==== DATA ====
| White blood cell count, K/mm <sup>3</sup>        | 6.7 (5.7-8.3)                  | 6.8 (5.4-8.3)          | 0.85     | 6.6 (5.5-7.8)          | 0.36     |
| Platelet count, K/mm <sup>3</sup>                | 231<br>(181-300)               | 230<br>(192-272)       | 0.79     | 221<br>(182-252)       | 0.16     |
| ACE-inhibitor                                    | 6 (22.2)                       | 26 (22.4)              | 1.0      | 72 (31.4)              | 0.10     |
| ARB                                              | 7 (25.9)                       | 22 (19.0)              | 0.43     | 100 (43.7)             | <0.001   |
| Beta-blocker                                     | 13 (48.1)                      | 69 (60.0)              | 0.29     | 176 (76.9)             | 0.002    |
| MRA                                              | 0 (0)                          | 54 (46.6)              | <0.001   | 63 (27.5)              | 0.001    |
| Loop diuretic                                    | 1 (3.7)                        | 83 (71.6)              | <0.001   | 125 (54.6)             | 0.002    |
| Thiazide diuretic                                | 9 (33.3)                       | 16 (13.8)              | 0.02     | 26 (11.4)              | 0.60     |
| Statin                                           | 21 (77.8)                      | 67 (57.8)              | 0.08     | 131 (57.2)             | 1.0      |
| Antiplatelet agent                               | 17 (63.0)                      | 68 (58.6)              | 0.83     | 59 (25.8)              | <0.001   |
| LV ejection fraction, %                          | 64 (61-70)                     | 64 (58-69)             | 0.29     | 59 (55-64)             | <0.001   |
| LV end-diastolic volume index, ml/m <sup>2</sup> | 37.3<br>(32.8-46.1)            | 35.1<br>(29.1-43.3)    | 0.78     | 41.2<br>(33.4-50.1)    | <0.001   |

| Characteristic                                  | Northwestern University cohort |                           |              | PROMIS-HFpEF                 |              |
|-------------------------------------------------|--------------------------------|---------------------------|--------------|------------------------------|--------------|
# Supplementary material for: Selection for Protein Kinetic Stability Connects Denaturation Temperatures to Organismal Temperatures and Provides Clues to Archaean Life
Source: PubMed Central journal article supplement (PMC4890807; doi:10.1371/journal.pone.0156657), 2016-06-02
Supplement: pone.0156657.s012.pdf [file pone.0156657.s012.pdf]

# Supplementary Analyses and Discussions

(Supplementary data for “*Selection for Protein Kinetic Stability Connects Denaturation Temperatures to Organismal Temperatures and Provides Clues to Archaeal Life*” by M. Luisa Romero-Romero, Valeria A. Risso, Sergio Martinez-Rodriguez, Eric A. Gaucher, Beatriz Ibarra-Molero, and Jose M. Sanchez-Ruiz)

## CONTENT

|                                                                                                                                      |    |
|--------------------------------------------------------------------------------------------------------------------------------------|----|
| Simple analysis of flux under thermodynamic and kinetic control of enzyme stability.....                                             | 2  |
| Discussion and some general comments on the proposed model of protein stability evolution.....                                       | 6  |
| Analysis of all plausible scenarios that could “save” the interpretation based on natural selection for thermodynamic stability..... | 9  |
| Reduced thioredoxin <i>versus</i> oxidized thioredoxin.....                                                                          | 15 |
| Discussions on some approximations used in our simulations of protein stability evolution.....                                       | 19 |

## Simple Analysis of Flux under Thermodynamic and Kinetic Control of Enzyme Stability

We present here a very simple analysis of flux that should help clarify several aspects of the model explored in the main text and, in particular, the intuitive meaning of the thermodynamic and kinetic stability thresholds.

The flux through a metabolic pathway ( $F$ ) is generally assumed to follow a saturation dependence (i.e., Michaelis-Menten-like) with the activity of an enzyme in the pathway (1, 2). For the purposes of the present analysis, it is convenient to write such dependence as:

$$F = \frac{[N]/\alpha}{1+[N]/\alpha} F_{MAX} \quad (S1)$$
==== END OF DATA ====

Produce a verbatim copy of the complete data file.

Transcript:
| White blood cell count, K/mm <sup>3</sup>        | 6.7 (5.7-8.3)                  | 6.8 (5.4-8.3)          | 0.85     | 6.6 (5.5-7.8)          | 0.36     |
| Platelet count, K/mm <sup>3</sup>                | 231<br>(181-300)               | 230<br>(192-272)       | 0.79     | 221<br>(182-252)       | 0.16     |
| ACE-inhibitor                                    | 6 (22.2)                       | 26 (22.4)              | 1.0      | 72 (31.4)              | 0.10     |
| ARB                                              | 7 (25.9)                       | 22 (19.0)              | 0.43     | 100 (43.7)             | <0.001   |
| Beta-blocker                                     | 13 (48.1)                      | 69 (60.0)              | 0.29     | 176 (76.9)             | 0.002    |
| MRA                                              | 0 (0)                          | 54 (46.6)              | <0.001   | 63 (27.5)              | 0.001    |
| Loop diuretic                                    | 1 (3.7)                        | 83 (71.6)              | <0.001   | 125 (54.6)             | 0.002    |
| Thiazide diuretic                                | 9 (33.3)                       | 16 (13.8)              | 0.02     | 26 (11.4)              | 0.60     |
| Statin                                           | 21 (77.8)                      | 67 (57.8)              | 0.08     | 131 (57.2)             | 1.0      |
| Antiplatelet agent                               | 17 (63.0)                      | 68 (58.6)              | 0.83     | 59 (25.8)              | <0.001   |
| LV ejection fraction, %                          | 64 (61-70)                     | 64 (58-69)             | 0.29     | 59 (55-64)             | <0.001   |
| LV end-diastolic volume index, ml/m <sup>2</sup> | 37.3<br>(32.8-46.1)            | 35.1<br>(29.1-43.3)    | 0.78     | 41.2<br>(33.4-50.1)    | <0.001   |

| Characteristic                                  | Northwestern University cohort |                           |              | PROMIS-HFpEF                 |              |
|-------------------------------------------------|--------------------------------|---------------------------|--------------|------------------------------|--------------|
# Supplementary material for: Selection for Protein Kinetic Stability Connects Denaturation Temperatures to Organismal Temperatures and Provides Clues to Archaean Life
Source: PubMed Central journal article supplement (PMC4890807; doi:10.1371/journal.pone.0156657), 2016-06-02
Supplement: pone.0156657.s012.pdf [file pone.0156657.s012.pdf]

# Supplementary Analyses and Discussions

(Supplementary data for “*Selection for Protein Kinetic Stability Connects Denaturation Temperatures to Organismal Temperatures and Provides Clues to Archaeal Life*” by M. Luisa Romero-Romero, Valeria A. Risso, Sergio Martinez-Rodriguez, Eric A. Gaucher, Beatriz Ibarra-Molero, and Jose M. Sanchez-Ruiz)

## CONTENT

|                                                                                                                                      |    |
|--------------------------------------------------------------------------------------------------------------------------------------|----|
| Simple analysis of flux under thermodynamic and kinetic control of enzyme stability.....                                             | 2  |
| Discussion and some general comments on the proposed model of protein stability evolution.....                                       | 6  |
| Analysis of all plausible scenarios that could “save” the interpretation based on natural selection for thermodynamic stability..... | 9  |
| Reduced thioredoxin <i>versus</i> oxidized thioredoxin.....                                                                          | 15 |
| Discussions on some approximations used in our simulations of protein stability evolution.....                                       | 19 |

## Simple Analysis of Flux under Thermodynamic and Kinetic Control of Enzyme Stability

We present here a very simple analysis of flux that should help clarify several aspects of the model explored in the main text and, in particular, the intuitive meaning of the thermodynamic and kinetic stability thresholds.

The flux through a metabolic pathway ( $F$ ) is generally assumed to follow a saturation dependence (i.e., Michaelis-Menten-like) with the activity of an enzyme in the pathway (1, 2). For the purposes of the present analysis, it is convenient to write such dependence as:

$$F = \frac{[N]/\alpha}{1+[N]/\alpha} F_{MAX} \quad (S1)$$